India and South Korea use the same technique of RT-PCR in a significant portion of their testing procedures. Another approach is the antibody approach where antibodies to the virus produced by an individual’s immune system are detected. However, this system fails to catch those individuals who have been newly infected with the virus and haven’t developed an immune response, or the elderly who aren’t able to mount a sufficient immune response.
Let’s now take a look at the road ahead with regards to various curative approaches to combat the disease and vaccines to prevent it.
The Curative Approach – Drugs and Plasma Transfusion
One of the biggest rumours surrounding the effectiveness of a combination of anti-malarial (hydroxychloroquine/chloroquine) and antibiotic (azithromycin) drug needs to be cleared. The efficacy of these drugs on a small group of patients does not make them a cure. Malaria is caused by a parasite, while azithromycin is an antibacterial drug. Since a virus causes COVID-19, no theoretical or conceptual link justifies the widespread use of these drugs. These drugs might be curing individuals via complex interactions with each person’s immune system, and this is largely a trial-and-error approach. While these approaches are often the only way out in a crisis, it is imperative to state that there isn’t a definitive cure for COVID-19, and we must still take the utmost precautions.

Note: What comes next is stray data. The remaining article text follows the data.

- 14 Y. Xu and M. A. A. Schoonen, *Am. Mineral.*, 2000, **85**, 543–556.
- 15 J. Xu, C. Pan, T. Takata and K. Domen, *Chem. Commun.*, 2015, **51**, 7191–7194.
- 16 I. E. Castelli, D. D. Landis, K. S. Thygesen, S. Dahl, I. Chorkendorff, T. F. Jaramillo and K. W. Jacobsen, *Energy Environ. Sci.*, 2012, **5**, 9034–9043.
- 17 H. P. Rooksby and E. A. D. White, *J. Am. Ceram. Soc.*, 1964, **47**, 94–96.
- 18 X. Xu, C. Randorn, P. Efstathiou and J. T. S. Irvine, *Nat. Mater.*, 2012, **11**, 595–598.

Other drugs that have proved to be effective against the coronavirus family (SARS & MERS) include Remdesivir, which was earlier rejected as a drug against the deadly Ebola virus and generic antiviral medicines. Let’s now understand how each of the drugs work, shall we?